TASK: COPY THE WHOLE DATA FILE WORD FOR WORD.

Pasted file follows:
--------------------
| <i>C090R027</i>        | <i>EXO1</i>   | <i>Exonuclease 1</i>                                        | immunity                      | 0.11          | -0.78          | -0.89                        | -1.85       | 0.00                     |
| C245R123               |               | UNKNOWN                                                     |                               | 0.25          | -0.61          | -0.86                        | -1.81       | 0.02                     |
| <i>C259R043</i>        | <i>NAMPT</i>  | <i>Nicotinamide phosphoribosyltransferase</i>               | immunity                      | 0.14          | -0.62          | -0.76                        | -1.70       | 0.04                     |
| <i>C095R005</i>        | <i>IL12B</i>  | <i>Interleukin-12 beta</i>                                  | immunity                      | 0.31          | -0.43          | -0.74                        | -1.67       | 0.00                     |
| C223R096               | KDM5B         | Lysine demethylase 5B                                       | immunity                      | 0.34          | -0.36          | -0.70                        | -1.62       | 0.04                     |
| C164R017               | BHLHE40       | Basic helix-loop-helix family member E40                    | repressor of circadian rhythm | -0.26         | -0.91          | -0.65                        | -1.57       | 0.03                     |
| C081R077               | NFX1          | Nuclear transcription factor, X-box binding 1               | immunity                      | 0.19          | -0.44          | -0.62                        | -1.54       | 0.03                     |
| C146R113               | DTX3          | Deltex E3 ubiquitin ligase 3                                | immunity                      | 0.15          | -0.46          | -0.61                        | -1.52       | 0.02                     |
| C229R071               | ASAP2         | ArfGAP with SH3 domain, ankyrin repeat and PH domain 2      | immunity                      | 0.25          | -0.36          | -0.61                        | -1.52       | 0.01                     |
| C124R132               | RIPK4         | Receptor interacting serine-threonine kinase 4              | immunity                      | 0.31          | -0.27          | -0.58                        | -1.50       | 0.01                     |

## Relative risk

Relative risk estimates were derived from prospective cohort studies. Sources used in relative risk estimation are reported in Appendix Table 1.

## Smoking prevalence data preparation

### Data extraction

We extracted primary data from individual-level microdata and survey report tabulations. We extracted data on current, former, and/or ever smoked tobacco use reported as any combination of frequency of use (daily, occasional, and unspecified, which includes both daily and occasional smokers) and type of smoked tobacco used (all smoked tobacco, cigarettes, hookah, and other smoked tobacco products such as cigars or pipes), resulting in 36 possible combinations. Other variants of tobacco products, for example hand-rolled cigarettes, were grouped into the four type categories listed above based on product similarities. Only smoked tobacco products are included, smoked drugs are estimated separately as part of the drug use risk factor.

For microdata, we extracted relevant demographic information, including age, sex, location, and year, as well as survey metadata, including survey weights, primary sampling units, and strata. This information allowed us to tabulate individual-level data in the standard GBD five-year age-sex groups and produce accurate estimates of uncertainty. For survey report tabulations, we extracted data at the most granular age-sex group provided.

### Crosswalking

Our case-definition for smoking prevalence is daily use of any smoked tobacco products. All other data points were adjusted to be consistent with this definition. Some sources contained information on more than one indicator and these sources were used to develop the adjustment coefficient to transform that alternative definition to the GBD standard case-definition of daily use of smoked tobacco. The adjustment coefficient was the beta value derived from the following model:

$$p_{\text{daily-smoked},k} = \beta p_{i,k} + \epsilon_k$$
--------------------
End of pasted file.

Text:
| <i>C090R027</i>        | <i>EXO1</i>   | <i>Exonuclease 1</i>                                        | immunity                      | 0.11          | -0.78          | -0.89                        | -1.85       | 0.00                     |
| C245R123               |               | UNKNOWN                                                     |                               | 0.25          | -0.61          | -0.86                        | -1.81       | 0.02                     |
| <i>C259R043</i>        | <i>NAMPT</i>  | <i>Nicotinamide phosphoribosyltransferase</i>               | immunity                      | 0.14          | -0.62          | -0.76                        | -1.70       | 0.04                     |
| <i>C095R005</i>        | <i>IL12B</i>  | <i>Interleukin-12 beta</i>                                  | immunity                      | 0.31          | -0.43          | -0.74                        | -1.67       | 0.00                     |
| C223R096               | KDM5B         | Lysine demethylase 5B                                       | immunity                      | 0.34          | -0.36          | -0.70                        | -1.62       | 0.04                     |
| C164R017               | BHLHE40       | Basic helix-loop-helix family member E40                    | repressor of circadian rhythm | -0.26         | -0.91          | -0.65                        | -1.57       | 0.03                     |
| C081R077               | NFX1          | Nuclear transcription factor, X-box binding 1               | immunity                      | 0.19          | -0.44          | -0.62                        | -1.54       | 0.03                     |
| C146R113               | DTX3          | Deltex E3 ubiquitin ligase 3                                | immunity                      | 0.15          | -0.46          | -0.61                        | -1.52       | 0.02                     |
| C229R071               | ASAP2         | ArfGAP with SH3 domain, ankyrin repeat and PH domain 2      | immunity                      | 0.25          | -0.36          | -0.61                        | -1.52       | 0.01                     |
| C124R132               | RIPK4         | Receptor interacting serine-threonine kinase 4              | immunity                      | 0.31          | -0.27          | -0.58                        | -1.50       | 0.01                     |

## Relative risk

Relative risk estimates were derived from prospective cohort studies. Sources used in relative risk estimation are reported in Appendix Table 1.

## Smoking prevalence data preparation

### Data extraction

We extracted primary data from individual-level microdata and survey report tabulations. We extracted data on current, former, and/or ever smoked tobacco use reported as any combination of frequency of use (daily, occasional, and unspecified, which includes both daily and occasional smokers) and type of smoked tobacco used (all smoked tobacco, cigarettes, hookah, and other smoked tobacco products such as cigars or pipes), resulting in 36 possible combinations. Other variants of tobacco products, for example hand-rolled cigarettes, were grouped into the four type categories listed above based on product similarities. Only smoked tobacco products are included, smoked drugs are estimated separately as part of the drug use risk factor.

For microdata, we extracted relevant demographic information, including age, sex, location, and year, as well as survey metadata, including survey weights, primary sampling units, and strata. This information allowed us to tabulate individual-level data in the standard GBD five-year age-sex groups and produce accurate estimates of uncertainty. For survey report tabulations, we extracted data at the most granular age-sex group provided.

### Crosswalking

Our case-definition for smoking prevalence is daily use of any smoked tobacco products. All other data points were adjusted to be consistent with this definition. Some sources contained information on more than one indicator and these sources were used to develop the adjustment coefficient to transform that alternative definition to the GBD standard case-definition of daily use of smoked tobacco. The adjustment coefficient was the beta value derived from the following model:

$$p_{\text{daily-smoked},k} = \beta p_{i,k} + \epsilon_k$$